JTF (just the facts): A total of 31 photographs, variously framed and matted, and hung against white walls in the main gallery space. All of the works are vintage gelatin silver prints, some with chemical toning and mordançage processing, made between 1950 and 1992. All of the works are unique. Exact size information was not provided on the checklist. (Installation and detail shots below.)
Comments/Context: As the machined perfection of software-driven digital photography pushes more and more contemporary photographers to rediscover the joys of forgotten chemistries and overlooked processes, it is contextually important that the histories of these often arcane techniques are remembered and appreciated as well. In understanding how these approaches can be employed in new ways, we must also ensure that we are rooted in how they were used to begin with. This survey show of the work of Jean-Pierre Sudre does just that – it reintroduces superlative examples of Sudre’s mordançage process and then places them in the larger context of the aesthetic choices he made during his artistic career. It’s an exhibit that gives us both the “what” of the innovative and obscure process and then surrounds it with the “why” of the evolving artistic intent.
Mordançage is effectively a bleaching and etching process. It begins with a gelatin silver print, which is then subjected to bleach and acid washes which leave the surface etched in relation the amount of silver deposited on the original. The resulting prints have an intricate textural topology, almost bumpy, in some cases etching all the way down to the paper itself, with a level of meticulous detail impossible by hand. Sudre went on to add color to these works via chemical toners and oxidized developers, in one instance finding a way to add both orange and blue in the same work (the techniques with which he accomplished this remain a bit of a mystery).
Like most chemical processes, mordançage isn’t inherently interesting in and of itself – it’s how the process is leveraged that leads to its compelling uniqueness. This show does a fine job of walking us through the progression of Sudre’s work, guiding us through a step-by-step chronological build up of how Sudre’s thinking was evolving, pointing out the exact moment when the mordançage process became necessary to achieve his aesthetic goals, and then following along as he expanded on it further in the subsequent years.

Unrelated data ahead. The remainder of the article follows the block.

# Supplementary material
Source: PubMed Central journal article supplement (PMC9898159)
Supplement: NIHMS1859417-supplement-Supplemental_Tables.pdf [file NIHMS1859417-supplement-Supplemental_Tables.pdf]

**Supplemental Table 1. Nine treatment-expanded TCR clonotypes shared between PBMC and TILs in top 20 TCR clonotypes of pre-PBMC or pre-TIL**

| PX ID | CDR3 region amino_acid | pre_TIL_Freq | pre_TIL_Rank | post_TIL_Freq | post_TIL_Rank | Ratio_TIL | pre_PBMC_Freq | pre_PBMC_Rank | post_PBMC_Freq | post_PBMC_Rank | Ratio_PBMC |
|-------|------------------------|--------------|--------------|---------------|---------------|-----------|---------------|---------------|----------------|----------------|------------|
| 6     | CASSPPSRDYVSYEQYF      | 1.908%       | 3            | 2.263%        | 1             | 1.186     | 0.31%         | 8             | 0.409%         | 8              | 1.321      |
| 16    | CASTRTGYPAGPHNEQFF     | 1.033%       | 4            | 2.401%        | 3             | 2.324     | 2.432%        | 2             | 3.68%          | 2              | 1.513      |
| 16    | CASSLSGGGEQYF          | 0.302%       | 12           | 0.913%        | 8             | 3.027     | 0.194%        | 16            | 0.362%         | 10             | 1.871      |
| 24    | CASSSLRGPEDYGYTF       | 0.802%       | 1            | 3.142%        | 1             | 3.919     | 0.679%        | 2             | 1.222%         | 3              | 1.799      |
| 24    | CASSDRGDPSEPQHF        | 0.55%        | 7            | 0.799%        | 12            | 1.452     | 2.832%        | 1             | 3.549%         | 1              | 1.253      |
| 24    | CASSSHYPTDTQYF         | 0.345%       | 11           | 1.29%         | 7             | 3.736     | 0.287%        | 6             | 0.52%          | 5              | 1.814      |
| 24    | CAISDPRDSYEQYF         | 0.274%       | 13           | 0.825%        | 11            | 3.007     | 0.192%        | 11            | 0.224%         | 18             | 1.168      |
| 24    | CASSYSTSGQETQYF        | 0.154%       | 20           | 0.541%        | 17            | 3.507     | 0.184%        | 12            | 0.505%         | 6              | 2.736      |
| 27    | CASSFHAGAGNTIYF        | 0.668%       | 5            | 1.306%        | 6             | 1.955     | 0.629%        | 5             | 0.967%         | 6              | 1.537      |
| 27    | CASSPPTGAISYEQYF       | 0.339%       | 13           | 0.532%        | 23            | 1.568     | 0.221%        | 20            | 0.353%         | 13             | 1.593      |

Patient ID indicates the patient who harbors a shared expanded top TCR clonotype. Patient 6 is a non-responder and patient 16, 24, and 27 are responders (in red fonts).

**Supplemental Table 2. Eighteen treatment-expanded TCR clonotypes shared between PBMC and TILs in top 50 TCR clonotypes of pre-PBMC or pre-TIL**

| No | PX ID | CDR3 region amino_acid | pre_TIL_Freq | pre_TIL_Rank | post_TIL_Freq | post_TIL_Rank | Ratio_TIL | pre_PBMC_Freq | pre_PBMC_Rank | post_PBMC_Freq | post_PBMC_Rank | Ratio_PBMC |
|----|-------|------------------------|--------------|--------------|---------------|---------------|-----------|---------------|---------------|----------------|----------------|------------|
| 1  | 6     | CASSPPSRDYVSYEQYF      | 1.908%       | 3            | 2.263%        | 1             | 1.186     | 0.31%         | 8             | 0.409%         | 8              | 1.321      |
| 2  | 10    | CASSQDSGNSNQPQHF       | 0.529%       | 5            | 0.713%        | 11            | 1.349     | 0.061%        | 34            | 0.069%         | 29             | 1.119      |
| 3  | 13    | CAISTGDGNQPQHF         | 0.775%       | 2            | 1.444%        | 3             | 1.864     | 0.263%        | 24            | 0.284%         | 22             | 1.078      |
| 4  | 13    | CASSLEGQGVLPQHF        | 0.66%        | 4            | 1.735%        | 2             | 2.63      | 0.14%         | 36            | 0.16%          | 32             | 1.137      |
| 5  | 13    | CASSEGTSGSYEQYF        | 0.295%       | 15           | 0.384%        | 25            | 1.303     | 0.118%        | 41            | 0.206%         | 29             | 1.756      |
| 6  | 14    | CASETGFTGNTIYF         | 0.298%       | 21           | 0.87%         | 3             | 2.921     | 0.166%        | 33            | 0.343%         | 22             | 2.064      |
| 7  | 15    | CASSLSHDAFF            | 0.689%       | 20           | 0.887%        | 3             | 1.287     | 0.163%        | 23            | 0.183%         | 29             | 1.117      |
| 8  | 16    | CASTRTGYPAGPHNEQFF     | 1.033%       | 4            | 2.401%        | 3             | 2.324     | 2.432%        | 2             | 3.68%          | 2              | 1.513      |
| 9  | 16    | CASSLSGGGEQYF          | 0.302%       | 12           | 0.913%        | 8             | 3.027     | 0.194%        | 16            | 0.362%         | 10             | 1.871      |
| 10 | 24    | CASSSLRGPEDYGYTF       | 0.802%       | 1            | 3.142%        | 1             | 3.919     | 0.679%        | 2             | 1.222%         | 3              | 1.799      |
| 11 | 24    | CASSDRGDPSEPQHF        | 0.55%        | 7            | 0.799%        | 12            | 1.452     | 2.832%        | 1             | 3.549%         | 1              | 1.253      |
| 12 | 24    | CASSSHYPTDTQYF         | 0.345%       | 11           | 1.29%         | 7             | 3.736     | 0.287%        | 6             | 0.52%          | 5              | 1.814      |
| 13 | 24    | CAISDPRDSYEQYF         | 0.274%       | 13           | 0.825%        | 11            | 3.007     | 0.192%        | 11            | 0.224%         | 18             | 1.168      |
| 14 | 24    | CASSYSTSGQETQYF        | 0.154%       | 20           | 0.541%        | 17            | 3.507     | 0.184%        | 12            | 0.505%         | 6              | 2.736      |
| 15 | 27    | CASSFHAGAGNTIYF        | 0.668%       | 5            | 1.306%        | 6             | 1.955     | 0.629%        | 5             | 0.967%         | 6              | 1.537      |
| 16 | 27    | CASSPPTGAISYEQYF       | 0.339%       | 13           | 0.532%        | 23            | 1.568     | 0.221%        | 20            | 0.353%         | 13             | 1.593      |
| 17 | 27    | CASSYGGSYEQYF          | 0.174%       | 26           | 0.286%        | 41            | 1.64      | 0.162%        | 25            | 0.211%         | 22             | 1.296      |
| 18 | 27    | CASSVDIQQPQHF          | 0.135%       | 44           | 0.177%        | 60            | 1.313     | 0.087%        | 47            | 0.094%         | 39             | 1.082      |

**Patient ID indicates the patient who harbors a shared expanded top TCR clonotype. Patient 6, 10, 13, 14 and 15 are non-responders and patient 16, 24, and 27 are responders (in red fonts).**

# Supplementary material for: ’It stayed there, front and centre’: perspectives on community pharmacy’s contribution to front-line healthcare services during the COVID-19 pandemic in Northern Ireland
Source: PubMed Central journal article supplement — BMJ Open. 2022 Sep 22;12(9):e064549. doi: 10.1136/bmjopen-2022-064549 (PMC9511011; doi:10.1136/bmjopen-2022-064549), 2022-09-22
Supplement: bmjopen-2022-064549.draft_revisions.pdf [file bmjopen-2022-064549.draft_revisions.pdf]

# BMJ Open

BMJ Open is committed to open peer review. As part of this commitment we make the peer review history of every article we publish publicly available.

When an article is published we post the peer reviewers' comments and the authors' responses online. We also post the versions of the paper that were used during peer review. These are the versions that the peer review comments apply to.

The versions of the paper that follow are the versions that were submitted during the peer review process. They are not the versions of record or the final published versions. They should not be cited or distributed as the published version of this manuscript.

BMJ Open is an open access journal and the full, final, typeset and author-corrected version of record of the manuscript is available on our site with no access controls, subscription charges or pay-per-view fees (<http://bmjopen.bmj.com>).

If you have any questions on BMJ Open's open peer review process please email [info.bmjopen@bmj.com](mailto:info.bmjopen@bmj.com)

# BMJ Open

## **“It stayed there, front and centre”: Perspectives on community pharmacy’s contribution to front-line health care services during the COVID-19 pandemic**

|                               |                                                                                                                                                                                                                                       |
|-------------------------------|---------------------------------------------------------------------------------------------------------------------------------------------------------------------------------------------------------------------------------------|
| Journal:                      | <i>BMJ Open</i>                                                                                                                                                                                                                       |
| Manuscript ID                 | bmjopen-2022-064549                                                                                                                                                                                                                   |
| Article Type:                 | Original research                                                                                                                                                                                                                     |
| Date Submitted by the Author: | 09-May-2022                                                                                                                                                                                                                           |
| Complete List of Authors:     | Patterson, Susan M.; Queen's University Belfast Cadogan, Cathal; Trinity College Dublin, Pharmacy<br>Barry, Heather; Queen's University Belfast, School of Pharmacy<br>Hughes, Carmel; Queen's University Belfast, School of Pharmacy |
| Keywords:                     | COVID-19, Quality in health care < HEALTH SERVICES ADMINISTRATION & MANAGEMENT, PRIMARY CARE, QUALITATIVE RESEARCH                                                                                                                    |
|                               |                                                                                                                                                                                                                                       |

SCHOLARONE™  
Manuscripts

Starting in the 1950s, Sudre began by pointing his camera down at nature, getting up close to see tiny droplets frozen in ice, the wispy edge of feathers, and the all over density of dew caught on spider webs. Soon he transitioned to a more scientific angle, growing micro crystals on glass, and using the results as negatives. These experimental images are reminiscent of fields of transparent ice cubes or crackled fingers of frost, with vertical striations and watery flows captured in cross section.
It was at this moment (in the late 1960s) that Sudre wanted to push these compositions further, and the mordançage process offered him a way to introduce new emotional nuances to these increasingly dense, maze-like enigmas. Folding the prints over and doubling them, he created mirrored effects and vaguely representational forms out of his scientific abstractions, tapping into a more psychedelic and mystical mood. A heart, a brain, a sun, other floating orbs and triangles are given mystery by the tinted colors and tactile surface; many are titled Apocalypse, adding yet another layer of swirling ominous uncertainty to images that already seethe with crackled lines and knotty clusters of wrinkles.
By the late 1970s, Sudre was beginning to use the mordançage as a textural backdrop (almost like a horizon or land form) for symbolic inclusions, combining cliche verre images, photograms, and appropriated illustrations into aggregate compositions. Natural forms like plants, butterflies, and dragonflies hover amid the degraded surfaces, with line-drawn mechanical cogs and etched moons giving new meaning to floating layers of brown and blue chemicals. To my eye, this all gets a bit precious by the end of his career, the ponderous weight of his natural mysticism feeling a bit heavy handed.
In the end, it’s the best of Sudre’s early 1970s mordançage abstractions that are the cornerstone of this show. They offer repeated nose-to-the-frame moments of true astonishment, where tiny lines fragment out in impressively unfathomable density and detail. For collectors of abstract photography, especially those who are balancing the chemical innovators of the 1970s with the renewed efforts of contemporary practitioners, Sudre’s mordançage works offer examples of unique and unexpectedly impressive technical mastery.
Collector’s POV: The works in this show are priced between $5500 and $8000, with intermediate prices at $6000, $6500, $7000, and $7500. Sudre’s work has little secondary market history, so gallery retail remains the best option for those collectors interested in following up.